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Northland Nature: Hooded mergansers join the migrants

Retired teacher Larry Weber, a Barnum resident, is the author of several books, including “Butterflies of the North Woods,” “Spiders of the North Woods,” “Webwood” and “In a Patch of Goldenrods.” Contact him via Katie Rohman at krohman@duluthnews.com.

Hooded merganser pair
A pair of Hooded Mergansers swim in early spring open water. Pictured are a female, left, and a male, right.
Contributed / Mark Sparky Stensaas

Though not as obvious, March followed January and February with an average temperature of less than normal. We had some mild days (55 degrees on March 20), but chilly times, too (minus 13 on March 12). Snowfall was considerably below the usual despite snows in the final days. Precipitation also was less than expected.

It was interesting to see the bird responses. During mild days, birds that had been coming to the feeders stayed away; only a few sporadic chickadees, nuthatches and woodpeckers here. But when the day became cold with snow and wind, they returned. One day, I noted about 150 redpolls, more than any other day for the whole winter.

The weather appears to have affected bird migration (and non-migrants). A few robins and mourning doves have been observed in the area, and though the red-winged blackbirds have alluded me, they have occasionally been seen by others. Their songs, usually heard during the waning days of March were absent this year. Also, I have not yet heard the drumming of ruffed grouse in the woods or the woodcock’s performance in the wetlands. I expect that to change soon.

During morning walks about two weeks ago, I heard a tom turkey gobbling from back in the forest. A few days later my silent walk was interrupted by loud guttural calls as three sandhill cranes flew over. Their delightful sounds are hard to not hear.

Bird news was happening here a bit slowly, but to see more migrants both in numbers and in variety, I went to visit the St. Louis River.

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The ice cover here persisted through the cold times, but now with temperatures above freezing and movement of the river, the site held large stretches of open water next to remaining ice. It must have been quite chilly out there, especially in the wind, but the newly arrived water birds were here. And I saw many.

The most common of these early waterfowl were Canada geese. Wintering further north than most, they don’t have a long flight. The four that I saw on the first day of open water eventually led to dozens more in following days. Several large white trumpeter swans came by a few days later. These two species were joined by two others often associated with cold water; goldeneye ducks and common mergansers. And after about another week, the smaller hooded mergansers arrived here, too. (Some bald eagles watched as they sat on the ice.)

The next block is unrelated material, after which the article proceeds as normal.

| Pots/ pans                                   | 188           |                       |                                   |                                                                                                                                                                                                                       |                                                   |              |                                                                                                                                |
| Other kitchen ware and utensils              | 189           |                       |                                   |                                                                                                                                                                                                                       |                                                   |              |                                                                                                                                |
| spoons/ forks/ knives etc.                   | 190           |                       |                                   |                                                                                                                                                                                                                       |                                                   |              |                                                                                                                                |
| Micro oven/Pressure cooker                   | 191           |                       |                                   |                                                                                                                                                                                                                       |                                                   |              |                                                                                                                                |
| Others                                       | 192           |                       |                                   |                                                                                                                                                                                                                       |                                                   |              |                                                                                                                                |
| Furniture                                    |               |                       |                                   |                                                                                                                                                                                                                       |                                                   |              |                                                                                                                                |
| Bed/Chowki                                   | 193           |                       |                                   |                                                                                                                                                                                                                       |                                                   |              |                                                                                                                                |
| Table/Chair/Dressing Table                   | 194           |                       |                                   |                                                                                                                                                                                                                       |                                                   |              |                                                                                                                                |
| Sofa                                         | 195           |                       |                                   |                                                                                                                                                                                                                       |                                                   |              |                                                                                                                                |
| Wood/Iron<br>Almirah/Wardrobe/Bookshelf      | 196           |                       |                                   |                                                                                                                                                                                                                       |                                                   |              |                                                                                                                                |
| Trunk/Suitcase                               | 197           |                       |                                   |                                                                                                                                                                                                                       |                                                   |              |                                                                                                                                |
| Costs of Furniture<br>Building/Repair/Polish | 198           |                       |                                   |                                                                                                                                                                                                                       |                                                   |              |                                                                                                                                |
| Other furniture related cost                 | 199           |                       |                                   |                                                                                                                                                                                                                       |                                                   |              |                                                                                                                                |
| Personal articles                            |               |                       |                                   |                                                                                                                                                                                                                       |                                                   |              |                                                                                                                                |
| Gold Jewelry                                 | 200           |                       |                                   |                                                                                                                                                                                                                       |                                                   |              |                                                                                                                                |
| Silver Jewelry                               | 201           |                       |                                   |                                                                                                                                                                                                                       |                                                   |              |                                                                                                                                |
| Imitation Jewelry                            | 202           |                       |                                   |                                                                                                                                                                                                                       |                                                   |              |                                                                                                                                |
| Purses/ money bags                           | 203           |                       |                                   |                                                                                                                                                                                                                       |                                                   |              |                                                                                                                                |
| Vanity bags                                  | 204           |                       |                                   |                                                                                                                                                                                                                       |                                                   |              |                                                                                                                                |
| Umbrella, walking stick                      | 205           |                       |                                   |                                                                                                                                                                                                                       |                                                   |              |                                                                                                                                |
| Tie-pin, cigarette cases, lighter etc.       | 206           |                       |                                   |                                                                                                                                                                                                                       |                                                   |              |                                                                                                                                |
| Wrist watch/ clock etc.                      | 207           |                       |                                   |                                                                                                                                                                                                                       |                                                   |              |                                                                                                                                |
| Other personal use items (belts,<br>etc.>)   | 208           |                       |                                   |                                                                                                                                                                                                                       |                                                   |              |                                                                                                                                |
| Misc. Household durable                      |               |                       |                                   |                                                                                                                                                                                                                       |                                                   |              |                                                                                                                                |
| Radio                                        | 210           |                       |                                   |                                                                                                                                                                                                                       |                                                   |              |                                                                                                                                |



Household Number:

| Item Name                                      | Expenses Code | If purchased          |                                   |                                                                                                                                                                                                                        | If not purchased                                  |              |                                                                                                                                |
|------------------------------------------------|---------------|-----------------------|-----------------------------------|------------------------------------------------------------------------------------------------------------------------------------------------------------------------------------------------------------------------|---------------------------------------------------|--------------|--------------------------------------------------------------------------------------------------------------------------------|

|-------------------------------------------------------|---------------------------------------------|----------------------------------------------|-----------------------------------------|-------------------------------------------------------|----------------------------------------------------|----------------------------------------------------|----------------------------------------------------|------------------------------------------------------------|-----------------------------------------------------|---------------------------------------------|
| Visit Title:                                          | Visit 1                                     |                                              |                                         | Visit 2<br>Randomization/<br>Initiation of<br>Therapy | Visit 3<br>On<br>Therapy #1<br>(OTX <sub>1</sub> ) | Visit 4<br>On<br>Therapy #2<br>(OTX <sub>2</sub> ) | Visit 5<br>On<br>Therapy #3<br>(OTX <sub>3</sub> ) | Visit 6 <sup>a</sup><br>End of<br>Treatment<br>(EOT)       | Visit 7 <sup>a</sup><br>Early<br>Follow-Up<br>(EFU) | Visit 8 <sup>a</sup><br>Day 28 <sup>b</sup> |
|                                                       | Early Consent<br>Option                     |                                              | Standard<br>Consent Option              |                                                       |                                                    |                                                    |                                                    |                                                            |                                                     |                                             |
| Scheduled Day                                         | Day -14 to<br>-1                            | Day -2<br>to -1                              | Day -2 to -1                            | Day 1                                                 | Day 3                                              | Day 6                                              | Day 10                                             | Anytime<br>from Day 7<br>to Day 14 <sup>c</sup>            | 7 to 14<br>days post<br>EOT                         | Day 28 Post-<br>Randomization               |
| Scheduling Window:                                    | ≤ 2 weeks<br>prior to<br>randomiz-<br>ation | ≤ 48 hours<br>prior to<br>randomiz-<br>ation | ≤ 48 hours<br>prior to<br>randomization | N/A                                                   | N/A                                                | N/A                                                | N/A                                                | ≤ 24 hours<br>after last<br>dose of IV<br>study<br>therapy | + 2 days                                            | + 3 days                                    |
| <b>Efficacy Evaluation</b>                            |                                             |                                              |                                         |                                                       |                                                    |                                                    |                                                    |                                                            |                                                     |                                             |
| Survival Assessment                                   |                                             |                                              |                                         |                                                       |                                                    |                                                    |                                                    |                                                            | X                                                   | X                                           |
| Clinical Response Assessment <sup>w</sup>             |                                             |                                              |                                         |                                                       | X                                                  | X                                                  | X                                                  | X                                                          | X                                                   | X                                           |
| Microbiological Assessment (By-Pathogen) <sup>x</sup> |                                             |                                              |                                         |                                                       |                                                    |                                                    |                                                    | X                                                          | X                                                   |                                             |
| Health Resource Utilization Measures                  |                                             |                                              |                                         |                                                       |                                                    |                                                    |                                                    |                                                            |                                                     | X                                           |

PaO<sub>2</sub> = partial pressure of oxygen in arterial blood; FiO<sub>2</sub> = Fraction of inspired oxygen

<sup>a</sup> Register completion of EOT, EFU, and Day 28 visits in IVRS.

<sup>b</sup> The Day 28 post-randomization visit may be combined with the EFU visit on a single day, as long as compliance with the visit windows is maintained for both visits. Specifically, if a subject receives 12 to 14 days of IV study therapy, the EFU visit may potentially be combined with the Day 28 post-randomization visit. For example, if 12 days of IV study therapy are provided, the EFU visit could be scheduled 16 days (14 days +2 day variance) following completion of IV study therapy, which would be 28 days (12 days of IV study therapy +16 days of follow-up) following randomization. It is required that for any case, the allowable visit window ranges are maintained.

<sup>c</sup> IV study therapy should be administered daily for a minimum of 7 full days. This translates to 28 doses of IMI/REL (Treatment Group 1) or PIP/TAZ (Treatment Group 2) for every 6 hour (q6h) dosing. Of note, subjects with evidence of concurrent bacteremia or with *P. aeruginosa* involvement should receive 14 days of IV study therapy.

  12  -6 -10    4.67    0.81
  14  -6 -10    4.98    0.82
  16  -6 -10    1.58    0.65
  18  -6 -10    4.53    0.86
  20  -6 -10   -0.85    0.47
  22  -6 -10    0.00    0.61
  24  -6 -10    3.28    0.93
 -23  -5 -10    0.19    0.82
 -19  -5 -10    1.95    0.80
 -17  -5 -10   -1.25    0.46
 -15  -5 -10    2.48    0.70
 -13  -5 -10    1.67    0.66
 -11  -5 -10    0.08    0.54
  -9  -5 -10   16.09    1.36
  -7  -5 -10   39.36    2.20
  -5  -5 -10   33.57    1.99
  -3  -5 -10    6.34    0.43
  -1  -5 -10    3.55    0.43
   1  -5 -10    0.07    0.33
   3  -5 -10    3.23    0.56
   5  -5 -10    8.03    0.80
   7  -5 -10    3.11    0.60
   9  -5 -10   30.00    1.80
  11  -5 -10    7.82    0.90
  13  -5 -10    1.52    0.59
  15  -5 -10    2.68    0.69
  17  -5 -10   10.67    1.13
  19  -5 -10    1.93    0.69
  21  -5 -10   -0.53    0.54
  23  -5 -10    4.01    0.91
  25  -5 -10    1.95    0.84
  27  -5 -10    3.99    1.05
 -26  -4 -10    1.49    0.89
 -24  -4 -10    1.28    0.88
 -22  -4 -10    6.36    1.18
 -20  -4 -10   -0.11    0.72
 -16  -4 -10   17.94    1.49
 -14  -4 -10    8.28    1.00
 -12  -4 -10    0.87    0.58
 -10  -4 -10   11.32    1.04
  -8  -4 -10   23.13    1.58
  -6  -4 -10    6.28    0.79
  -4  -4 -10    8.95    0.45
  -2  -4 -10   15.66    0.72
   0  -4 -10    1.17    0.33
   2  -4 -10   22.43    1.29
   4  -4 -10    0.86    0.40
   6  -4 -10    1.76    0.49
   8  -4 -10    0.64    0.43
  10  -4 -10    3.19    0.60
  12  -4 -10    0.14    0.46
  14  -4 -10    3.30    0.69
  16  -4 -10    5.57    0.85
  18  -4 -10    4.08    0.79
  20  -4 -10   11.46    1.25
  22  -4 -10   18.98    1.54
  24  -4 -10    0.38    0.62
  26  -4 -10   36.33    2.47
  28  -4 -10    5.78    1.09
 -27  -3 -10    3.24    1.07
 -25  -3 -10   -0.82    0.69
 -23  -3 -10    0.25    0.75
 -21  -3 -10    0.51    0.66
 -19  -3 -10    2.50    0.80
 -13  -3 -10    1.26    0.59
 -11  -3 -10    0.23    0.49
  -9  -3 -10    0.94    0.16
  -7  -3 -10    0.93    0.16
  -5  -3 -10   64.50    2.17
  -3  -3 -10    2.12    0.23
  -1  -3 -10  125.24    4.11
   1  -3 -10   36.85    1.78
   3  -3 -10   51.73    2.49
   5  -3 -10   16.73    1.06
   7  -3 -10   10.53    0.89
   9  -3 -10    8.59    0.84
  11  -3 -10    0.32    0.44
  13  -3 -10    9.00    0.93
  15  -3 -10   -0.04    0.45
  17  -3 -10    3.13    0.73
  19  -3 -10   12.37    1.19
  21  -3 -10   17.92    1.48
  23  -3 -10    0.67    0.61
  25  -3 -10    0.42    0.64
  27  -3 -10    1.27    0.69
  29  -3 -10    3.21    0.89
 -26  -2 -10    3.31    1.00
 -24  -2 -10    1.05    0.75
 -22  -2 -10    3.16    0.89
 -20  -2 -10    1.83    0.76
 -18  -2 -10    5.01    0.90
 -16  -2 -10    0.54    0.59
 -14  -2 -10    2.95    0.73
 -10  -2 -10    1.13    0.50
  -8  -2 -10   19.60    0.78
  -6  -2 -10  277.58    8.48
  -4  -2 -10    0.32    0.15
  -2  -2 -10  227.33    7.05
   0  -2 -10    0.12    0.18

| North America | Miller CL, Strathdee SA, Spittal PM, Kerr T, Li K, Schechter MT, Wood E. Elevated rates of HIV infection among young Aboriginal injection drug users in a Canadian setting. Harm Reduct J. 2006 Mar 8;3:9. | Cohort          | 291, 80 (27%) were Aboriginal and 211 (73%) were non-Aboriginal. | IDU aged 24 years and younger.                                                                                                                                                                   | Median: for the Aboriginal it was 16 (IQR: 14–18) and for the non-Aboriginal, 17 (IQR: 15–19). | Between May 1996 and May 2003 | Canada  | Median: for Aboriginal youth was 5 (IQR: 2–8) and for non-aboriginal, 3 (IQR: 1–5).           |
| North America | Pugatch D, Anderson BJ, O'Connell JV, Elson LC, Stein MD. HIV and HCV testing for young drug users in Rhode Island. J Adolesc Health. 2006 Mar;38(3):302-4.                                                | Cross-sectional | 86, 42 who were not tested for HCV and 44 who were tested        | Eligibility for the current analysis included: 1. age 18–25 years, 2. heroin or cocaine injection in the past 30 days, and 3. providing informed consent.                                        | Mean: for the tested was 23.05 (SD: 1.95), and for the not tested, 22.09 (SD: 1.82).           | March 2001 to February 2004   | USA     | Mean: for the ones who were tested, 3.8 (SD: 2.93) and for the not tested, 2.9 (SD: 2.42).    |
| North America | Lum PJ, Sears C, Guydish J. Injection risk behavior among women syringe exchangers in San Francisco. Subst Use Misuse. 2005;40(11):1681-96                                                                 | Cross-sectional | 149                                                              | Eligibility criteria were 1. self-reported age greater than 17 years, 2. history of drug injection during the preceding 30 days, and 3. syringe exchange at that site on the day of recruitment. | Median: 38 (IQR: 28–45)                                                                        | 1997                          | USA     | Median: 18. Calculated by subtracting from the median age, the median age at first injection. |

Hooded mergansers get that name from the puffy rounded crest above the head. Males have black surrounding a large white crest patch. They also have a white chest with dark feathers on their back. Females are mostly brown. Hooded mergansers are the smallest of the three kinds of mergansers in the Northland. The other two, common and red-breasted, are more likely seen in larger lakes. All mergansers have rough, tooth-like bills (sawbills) not seen with ducks.

I was glad to see the pairs of hooded mergansers in this early spring open water. While many of the other water birds here at this time will leave to breed in lakes to the north, some of these birds will stay local. I have seen their families for years when they breed in regional woodland ponds. These wetlands are chosen since they nest in hollows in trees (like wood ducks).

Their home ponds may still be covered with ice, but it is good to see these mergansers back in the region. And I expect to watch them later in the season.

Larry Weber
Larry Weber
MORE BY LARRY WEBER
Retired teacher Larry Weber, of Barnum, is the author of “Butterflies of the North Woods" and “Spiders of the North Woods," among other books. Reach him via Katie Rohman at krohman@duluthnews.com.
Retired teacher Larry Weber, of Barnum, is the author of “Butterflies of the North Woods" and “Spiders of the North Woods," among other books. Reach him via Katie Rohman at krohman@duluthnews.com.
Retired teacher Larry Weber, of Barnum, is the author of “Butterflies of the North Woods" and “Spiders of the North Woods," among other books. Reach him via Katie Rohman at krohman@duluthnews.com.
Retired teacher Larry Weber, of Barnum, is the author of “Butterflies of the North Woods" and “Spiders of the North Woods," among other books. Reach him via Katie Rohman at krohman@duluthnews.com.

Retired teacher Larry Weber, a Barnum resident, is the author of several books.
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